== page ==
Substitute the term British India with contemporary India and each word of the above is valid even today. Today’s middle class is content with its enhanced brokerage as the masses continue to sink deeper.
Striking a socially acceptable balance between development imperatives and welfare needs is a daunting task. Howsoever intrinsically desirable, modernization and globalization cannot be achieved by turning our backs on widespread poverty and backwardness.
Usually, the momentum of change after a revolutionary transition − and the 1947 transfer of power was one such event in our history − is irresistible. What happened in France after the French Revolution in 1789, in Russia after the 1917 Bolshevik Revolution and in China after the 1949 Communist take-over, are examples of the cataclysmic changes triggered by revolutionary zest. In France, the ancien regime was swept away. The Czarist order was systematically dismantled in Russia. Similarly, in China, Mao’s Great Leap Forward and Cultural Revolution were attempts to usher in a new order in place of the status quo that these changes sought to supplant in the Chinese society.
What India needed − and needed desperately − after Independence was a transformational change from the pre-1947 state of affairs, particularly in the way institutions affecting the lives of common people, operate. What we needed was what an OD expert, Robert Golembiewski, has identified as Gamma change which represents a radical shift from what was the pre-change state. It is sometimes called transformational change, a radical alteration of the status quo, a quantum leap, or paradigm shift. It involves a complete revolution in “how we do things” or “what results we strive to achieve”.
This is exactly what our society clamored for after Independence. Instead, we clung to the old systems and old institutions. And the blame for frittering away the once-in-a-century opportunity to start a new chapter in our history can be squarely assigned to Jawaharlal Nehru. He lacked the organizational skills to make use of the Congress Party and its grassroots support base as an instrument of change which could herald a new era.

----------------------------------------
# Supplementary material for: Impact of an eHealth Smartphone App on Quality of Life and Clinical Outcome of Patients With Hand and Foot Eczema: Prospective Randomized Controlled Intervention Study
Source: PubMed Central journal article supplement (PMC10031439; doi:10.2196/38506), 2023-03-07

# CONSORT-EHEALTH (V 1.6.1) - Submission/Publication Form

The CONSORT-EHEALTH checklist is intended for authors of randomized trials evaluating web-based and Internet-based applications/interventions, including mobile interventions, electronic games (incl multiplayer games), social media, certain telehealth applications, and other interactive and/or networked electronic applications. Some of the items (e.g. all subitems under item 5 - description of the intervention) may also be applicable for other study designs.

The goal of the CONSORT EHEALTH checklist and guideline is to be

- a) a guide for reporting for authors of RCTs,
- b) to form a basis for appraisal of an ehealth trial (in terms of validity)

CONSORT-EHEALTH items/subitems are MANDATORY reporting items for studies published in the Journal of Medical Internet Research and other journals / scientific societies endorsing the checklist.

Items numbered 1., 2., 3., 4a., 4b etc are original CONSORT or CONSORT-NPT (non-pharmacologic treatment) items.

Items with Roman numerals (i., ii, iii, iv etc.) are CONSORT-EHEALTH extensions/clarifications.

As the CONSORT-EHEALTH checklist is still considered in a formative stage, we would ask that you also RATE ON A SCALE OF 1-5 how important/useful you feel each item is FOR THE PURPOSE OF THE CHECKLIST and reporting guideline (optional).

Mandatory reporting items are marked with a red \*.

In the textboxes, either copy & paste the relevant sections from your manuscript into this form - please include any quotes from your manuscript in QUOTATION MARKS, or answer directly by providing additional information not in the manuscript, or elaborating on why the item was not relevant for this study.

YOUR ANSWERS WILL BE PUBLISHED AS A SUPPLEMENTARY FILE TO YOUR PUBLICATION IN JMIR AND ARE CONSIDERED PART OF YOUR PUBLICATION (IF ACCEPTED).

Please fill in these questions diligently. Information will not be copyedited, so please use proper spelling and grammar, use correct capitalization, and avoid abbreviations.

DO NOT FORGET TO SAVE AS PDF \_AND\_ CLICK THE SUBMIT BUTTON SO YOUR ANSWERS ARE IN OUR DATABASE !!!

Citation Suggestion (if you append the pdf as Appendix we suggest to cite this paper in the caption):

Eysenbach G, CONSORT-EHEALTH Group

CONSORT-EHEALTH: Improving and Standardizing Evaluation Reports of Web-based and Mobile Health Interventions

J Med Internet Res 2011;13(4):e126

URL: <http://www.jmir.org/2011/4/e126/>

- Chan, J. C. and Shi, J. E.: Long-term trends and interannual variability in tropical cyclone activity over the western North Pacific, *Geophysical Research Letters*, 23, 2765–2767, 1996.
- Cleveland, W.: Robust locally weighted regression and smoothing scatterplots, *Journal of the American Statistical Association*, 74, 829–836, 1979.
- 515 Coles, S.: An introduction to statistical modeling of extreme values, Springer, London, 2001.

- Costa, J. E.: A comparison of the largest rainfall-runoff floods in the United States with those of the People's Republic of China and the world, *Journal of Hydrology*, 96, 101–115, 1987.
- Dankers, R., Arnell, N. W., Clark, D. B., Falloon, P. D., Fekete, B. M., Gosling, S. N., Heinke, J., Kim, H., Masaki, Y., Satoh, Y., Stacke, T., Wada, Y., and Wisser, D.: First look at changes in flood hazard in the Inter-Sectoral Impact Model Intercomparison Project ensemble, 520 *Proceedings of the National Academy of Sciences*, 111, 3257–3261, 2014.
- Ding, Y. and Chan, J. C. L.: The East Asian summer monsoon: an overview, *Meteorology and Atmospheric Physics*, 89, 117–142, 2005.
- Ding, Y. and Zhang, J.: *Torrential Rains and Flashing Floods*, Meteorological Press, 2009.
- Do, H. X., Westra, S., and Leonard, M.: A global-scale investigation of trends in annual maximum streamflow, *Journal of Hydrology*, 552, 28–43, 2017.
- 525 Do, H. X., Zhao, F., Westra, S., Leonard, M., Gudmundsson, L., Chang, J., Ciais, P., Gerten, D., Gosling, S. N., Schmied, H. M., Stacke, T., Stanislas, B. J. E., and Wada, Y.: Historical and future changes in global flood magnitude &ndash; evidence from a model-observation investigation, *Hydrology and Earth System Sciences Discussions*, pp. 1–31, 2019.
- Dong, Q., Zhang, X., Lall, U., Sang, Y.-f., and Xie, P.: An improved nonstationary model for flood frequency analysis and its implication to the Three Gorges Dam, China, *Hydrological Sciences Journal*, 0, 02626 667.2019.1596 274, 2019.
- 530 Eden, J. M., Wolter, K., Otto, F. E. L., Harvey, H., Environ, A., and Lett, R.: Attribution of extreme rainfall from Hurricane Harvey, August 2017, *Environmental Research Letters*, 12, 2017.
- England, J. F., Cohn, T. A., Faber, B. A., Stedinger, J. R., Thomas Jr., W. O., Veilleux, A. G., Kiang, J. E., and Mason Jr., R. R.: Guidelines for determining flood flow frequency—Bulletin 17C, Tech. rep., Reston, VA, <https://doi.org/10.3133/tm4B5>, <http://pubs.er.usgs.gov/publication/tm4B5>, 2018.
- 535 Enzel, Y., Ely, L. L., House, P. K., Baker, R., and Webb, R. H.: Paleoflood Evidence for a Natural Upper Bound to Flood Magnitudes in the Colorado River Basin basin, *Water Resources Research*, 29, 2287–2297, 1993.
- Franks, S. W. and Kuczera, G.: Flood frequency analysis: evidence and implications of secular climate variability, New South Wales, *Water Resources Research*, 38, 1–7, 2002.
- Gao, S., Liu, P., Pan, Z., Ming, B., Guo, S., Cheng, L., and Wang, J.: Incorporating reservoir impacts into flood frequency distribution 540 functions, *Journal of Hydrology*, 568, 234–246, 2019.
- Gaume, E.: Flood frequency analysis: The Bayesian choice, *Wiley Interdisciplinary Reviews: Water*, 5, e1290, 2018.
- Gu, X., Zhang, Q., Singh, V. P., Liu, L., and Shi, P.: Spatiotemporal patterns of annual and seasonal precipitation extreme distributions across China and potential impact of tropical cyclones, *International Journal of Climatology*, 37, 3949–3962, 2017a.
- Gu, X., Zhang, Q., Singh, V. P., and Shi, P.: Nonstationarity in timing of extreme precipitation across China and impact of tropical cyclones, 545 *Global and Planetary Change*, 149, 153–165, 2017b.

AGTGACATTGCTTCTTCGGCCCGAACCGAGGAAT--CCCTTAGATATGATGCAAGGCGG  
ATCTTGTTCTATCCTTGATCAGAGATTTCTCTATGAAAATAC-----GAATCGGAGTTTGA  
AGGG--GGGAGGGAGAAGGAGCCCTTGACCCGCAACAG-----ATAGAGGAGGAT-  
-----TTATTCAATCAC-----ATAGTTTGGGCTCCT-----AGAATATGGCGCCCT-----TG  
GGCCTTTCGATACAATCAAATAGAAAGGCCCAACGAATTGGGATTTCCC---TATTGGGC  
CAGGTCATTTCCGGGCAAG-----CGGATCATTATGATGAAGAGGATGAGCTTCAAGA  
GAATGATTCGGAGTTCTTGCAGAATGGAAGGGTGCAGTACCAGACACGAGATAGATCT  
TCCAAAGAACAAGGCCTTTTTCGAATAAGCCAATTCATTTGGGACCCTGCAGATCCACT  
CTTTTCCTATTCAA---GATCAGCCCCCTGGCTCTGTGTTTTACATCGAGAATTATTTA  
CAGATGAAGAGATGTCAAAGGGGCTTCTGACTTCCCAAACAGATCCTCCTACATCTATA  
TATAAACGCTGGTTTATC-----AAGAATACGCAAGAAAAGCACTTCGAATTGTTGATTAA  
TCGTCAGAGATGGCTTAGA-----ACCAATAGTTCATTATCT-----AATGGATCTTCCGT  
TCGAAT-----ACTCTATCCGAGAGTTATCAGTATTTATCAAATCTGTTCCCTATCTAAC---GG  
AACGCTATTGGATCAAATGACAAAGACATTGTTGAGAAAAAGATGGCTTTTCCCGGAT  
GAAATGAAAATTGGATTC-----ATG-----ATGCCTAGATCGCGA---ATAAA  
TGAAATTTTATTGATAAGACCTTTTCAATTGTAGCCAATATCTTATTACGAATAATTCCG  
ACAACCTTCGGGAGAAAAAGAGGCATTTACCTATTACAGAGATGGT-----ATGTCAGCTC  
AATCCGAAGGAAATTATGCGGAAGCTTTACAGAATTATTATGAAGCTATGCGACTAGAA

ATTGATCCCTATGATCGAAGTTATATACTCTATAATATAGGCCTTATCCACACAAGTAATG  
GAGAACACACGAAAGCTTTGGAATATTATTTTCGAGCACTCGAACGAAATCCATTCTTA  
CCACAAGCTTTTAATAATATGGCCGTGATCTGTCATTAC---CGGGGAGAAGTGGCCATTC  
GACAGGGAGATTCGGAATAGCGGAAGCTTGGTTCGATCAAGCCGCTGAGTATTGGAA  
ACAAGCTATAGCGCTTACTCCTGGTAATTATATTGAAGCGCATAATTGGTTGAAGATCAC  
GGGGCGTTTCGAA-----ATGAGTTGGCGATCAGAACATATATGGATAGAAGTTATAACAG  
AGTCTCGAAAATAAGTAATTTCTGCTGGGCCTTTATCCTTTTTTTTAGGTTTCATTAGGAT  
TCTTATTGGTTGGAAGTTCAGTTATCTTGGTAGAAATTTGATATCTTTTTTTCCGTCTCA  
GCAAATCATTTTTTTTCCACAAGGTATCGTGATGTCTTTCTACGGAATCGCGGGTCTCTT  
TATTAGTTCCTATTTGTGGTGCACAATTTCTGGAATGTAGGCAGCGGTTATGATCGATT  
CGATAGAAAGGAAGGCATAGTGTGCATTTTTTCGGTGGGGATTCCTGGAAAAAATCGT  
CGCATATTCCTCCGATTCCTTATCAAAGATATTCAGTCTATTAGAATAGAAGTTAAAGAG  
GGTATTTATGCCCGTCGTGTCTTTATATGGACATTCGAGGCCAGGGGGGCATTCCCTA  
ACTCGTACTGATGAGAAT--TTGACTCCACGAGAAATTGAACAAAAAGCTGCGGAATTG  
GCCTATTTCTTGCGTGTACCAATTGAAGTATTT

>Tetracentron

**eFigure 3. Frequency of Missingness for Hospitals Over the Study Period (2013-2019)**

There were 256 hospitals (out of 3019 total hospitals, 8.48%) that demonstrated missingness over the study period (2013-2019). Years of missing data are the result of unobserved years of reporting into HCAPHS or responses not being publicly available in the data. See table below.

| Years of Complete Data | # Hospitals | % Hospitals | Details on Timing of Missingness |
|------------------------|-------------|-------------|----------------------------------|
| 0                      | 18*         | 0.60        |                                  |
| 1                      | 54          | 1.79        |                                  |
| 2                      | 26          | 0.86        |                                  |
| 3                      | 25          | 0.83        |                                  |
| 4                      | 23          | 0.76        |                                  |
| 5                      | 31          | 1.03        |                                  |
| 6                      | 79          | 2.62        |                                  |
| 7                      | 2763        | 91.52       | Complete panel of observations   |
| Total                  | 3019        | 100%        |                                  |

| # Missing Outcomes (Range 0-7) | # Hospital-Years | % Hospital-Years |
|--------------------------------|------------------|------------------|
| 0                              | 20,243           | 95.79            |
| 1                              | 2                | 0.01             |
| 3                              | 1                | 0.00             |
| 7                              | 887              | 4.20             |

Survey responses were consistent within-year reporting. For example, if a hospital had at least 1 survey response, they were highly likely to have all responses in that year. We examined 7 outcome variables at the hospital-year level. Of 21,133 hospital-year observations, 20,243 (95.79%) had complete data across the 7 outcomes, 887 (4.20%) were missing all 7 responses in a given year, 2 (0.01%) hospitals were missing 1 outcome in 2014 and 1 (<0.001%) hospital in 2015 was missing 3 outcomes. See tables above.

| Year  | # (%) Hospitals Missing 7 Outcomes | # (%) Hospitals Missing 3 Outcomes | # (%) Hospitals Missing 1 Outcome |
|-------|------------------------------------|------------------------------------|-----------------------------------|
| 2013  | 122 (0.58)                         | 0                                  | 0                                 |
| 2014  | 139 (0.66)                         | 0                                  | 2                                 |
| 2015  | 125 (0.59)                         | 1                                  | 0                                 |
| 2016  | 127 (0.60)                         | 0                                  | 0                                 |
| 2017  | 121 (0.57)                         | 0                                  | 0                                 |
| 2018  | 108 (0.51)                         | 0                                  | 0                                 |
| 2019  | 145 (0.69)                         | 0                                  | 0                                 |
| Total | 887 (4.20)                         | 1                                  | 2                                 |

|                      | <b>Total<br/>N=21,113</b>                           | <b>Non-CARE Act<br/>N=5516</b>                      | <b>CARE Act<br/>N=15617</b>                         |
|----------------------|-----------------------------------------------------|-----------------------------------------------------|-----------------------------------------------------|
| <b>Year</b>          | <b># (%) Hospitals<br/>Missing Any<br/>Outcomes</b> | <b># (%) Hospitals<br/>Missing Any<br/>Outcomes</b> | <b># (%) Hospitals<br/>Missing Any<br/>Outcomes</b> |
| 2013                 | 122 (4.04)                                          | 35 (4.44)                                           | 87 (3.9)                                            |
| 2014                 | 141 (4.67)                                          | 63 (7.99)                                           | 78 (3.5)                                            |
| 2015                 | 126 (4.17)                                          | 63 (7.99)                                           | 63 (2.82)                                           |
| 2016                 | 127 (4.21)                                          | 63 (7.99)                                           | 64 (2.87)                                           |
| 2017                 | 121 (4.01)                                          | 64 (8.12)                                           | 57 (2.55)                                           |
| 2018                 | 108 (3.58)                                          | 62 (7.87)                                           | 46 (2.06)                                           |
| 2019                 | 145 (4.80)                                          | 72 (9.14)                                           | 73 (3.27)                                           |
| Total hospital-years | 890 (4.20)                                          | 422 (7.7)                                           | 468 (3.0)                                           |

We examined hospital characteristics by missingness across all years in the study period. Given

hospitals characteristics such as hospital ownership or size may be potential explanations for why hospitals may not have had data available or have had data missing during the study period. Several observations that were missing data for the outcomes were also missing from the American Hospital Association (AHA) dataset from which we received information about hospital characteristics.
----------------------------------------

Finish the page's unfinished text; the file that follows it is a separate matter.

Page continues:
Each country has its quota of problems: some bequeathed by its past and some, of its own making. Added to these in our case are some others − our imperial rulers’ bequest. However daunting these problems, we and we alone have to resolve them. If history teaches one lesson, it is that there are no readymade solutions on offer which can solve any and every set of problems. Each society has to work painstakingly to resolve the problems bequeathed to it by its past.
When the Chinese adopted the Soviet-style communism, they wisely adapted it to the needs of their society − often to the chagrin of the know-all Kremlin leadership. Again, in the post-Maoist phase, Deng was bold enough to radically alter the traditional Communist economic model to China’s then specific socio-economic needs. The heavy dose of economic liberalization that he injected into the Communist political monolith was as unthinkable then as the Pontiff endorsing the birth control pill.
We have, in our society, grievously failed to think in specific Indian terms while adopting institutions from abroad. Take, for example, the various models of democratic polity that obtain in the West. Each West European country has its own nuances and emphases which embody their historical experience and specific needs.
The German adapted parliamentary system to their needs of ensuring stability. A no-confidence motion against the Government of the day can be moved only if the opposition can stake the claim of an alternative Chancellor, and not for sake of political drama which we enact every now and then. The post-1958 constitution of the Fifth Republic in France provided for built-in safeguards to ward off the demon of political instability. (For example, a re-election is ordered if any candidate fails to get over 50% of votes cast.) Australia has compulsory voting. Non-voters are fined.
A Swedish publication − Electoral System Design: the new International IDEA hand book outlines various systems that obtain in different countries that modified the British model to their specific needs.
And all this was affected without compromising the fundamental premise of democracy, namely, the accountability of those who wield political power to those on whose behalf it is exercised. We, on the other hand, were content with transplanting the Westminster model lock, stock and barrel. The model fails to deliver simply because many socio-political characteristics of the British polity (for example the long-established two-party system supported by adult franchise that developed in phases between 1832 and 1928 does not obtain in our milieu nor is it likely to emerge in the near future. We have to remember that tulips can’t grow in Tamil Nadu (even if the bulbs were available gratis from the Netherlands).